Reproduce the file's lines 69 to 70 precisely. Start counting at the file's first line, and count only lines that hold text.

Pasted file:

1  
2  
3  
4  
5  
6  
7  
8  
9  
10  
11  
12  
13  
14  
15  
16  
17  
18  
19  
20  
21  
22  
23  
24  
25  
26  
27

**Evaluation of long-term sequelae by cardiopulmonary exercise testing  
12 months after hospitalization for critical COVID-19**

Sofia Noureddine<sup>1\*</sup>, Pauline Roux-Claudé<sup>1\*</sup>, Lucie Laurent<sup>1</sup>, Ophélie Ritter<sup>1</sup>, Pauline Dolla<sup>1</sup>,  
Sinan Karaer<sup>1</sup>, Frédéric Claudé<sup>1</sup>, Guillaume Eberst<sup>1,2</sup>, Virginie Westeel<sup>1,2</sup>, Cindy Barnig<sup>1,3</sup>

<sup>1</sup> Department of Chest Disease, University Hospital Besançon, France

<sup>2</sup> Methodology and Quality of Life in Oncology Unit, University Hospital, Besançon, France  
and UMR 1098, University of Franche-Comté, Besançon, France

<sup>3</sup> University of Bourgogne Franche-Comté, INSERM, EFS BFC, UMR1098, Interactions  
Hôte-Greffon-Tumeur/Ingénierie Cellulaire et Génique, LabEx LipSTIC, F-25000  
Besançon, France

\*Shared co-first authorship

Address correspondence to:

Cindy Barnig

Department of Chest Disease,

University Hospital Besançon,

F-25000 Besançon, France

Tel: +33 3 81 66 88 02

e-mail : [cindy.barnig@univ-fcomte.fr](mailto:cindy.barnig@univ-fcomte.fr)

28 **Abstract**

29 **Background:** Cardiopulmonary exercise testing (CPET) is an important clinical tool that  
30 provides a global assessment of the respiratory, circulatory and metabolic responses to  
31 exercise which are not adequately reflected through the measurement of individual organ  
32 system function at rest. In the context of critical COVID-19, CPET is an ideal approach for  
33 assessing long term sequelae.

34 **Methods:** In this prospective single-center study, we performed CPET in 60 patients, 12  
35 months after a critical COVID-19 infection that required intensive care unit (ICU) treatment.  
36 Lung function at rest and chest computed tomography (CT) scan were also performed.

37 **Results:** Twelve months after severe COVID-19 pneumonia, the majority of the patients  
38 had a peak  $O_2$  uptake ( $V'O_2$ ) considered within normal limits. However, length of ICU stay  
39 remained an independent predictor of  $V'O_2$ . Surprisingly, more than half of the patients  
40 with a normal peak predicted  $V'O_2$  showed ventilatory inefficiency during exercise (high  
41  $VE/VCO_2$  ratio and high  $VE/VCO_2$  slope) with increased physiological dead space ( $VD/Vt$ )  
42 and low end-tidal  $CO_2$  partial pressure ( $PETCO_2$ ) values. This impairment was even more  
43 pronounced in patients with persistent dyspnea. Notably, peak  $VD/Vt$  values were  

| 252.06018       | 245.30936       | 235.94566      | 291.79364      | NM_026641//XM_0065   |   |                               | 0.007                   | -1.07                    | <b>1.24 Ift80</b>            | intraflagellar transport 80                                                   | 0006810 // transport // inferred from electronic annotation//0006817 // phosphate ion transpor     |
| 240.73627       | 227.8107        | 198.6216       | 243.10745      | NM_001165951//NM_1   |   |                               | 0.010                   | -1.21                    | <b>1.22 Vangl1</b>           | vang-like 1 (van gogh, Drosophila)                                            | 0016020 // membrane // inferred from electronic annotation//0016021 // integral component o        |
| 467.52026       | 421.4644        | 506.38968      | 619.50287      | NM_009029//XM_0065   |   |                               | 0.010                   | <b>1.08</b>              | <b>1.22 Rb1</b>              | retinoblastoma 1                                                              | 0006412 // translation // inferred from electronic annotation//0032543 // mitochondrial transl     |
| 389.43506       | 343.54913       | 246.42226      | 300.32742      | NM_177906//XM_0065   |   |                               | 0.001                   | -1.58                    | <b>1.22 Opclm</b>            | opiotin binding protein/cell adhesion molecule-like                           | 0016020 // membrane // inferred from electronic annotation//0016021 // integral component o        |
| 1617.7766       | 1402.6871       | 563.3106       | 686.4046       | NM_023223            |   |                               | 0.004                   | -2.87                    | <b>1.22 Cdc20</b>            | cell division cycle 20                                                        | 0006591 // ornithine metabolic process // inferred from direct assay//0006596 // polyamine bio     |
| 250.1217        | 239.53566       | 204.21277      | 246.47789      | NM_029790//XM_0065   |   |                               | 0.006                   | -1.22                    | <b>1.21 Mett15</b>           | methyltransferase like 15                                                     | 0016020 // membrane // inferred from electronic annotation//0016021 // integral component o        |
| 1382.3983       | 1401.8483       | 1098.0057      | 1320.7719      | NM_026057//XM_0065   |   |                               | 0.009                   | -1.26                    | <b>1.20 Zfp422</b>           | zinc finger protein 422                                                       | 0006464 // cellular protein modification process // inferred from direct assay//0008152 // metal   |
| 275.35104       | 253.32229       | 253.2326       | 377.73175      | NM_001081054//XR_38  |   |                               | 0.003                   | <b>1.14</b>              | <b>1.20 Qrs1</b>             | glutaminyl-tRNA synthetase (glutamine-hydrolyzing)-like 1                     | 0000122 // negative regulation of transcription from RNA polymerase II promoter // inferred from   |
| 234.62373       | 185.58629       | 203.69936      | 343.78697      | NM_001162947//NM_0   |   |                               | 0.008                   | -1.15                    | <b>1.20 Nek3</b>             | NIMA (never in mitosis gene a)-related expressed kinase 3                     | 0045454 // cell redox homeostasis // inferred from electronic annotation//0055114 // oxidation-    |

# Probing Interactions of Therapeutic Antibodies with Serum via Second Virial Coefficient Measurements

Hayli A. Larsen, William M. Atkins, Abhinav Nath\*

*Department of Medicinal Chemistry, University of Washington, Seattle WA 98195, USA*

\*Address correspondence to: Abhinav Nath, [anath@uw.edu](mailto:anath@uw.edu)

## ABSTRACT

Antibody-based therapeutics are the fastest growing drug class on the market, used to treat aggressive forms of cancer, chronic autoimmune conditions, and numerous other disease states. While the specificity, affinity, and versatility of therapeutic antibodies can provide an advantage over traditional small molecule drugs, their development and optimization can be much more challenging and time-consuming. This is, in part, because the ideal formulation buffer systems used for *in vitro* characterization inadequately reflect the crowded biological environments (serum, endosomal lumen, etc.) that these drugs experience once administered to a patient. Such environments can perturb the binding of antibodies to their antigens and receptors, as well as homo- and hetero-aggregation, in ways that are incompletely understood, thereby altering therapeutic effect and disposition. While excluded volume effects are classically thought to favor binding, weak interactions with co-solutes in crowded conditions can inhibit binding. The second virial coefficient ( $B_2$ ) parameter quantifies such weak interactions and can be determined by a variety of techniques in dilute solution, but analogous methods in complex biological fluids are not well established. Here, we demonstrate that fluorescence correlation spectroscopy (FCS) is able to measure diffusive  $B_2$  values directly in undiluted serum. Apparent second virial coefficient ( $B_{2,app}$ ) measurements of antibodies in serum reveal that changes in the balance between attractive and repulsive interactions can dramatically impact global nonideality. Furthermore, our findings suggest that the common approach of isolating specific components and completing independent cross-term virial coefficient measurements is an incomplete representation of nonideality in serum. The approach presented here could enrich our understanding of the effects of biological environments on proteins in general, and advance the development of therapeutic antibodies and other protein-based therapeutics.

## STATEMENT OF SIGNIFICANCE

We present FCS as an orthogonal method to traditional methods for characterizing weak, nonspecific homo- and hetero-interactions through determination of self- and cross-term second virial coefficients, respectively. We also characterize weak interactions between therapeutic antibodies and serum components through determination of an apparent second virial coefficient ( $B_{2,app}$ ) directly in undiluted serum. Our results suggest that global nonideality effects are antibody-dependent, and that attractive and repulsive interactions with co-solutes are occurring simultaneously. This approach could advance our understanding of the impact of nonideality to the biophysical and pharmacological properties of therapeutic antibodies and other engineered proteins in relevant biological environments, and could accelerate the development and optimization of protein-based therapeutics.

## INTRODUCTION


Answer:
| 275.35104       | 253.32229       | 253.2326       | 377.73175      | NM_001081054//XR_38  |   |                               | 0.003                   | <b>1.14</b>              | <b>1.20 Qrs1</b>             | glutaminyl-tRNA synthetase (glutamine-hydrolyzing)-like 1                     | 0000122 // negative regulation of transcription from RNA polymerase II promoter // inferred from   |
| 234.62373       | 185.58629       | 203.69936      | 343.78697      | NM_001162947//NM_0   |   |                               | 0.008                   | -1.15                    | <b>1.20 Nek3</b>             | NIMA (never in mitosis gene a)-related expressed kinase 3                     | 0045454 // cell redox homeostasis // inferred from electronic annotation//0055114 // oxidation-    |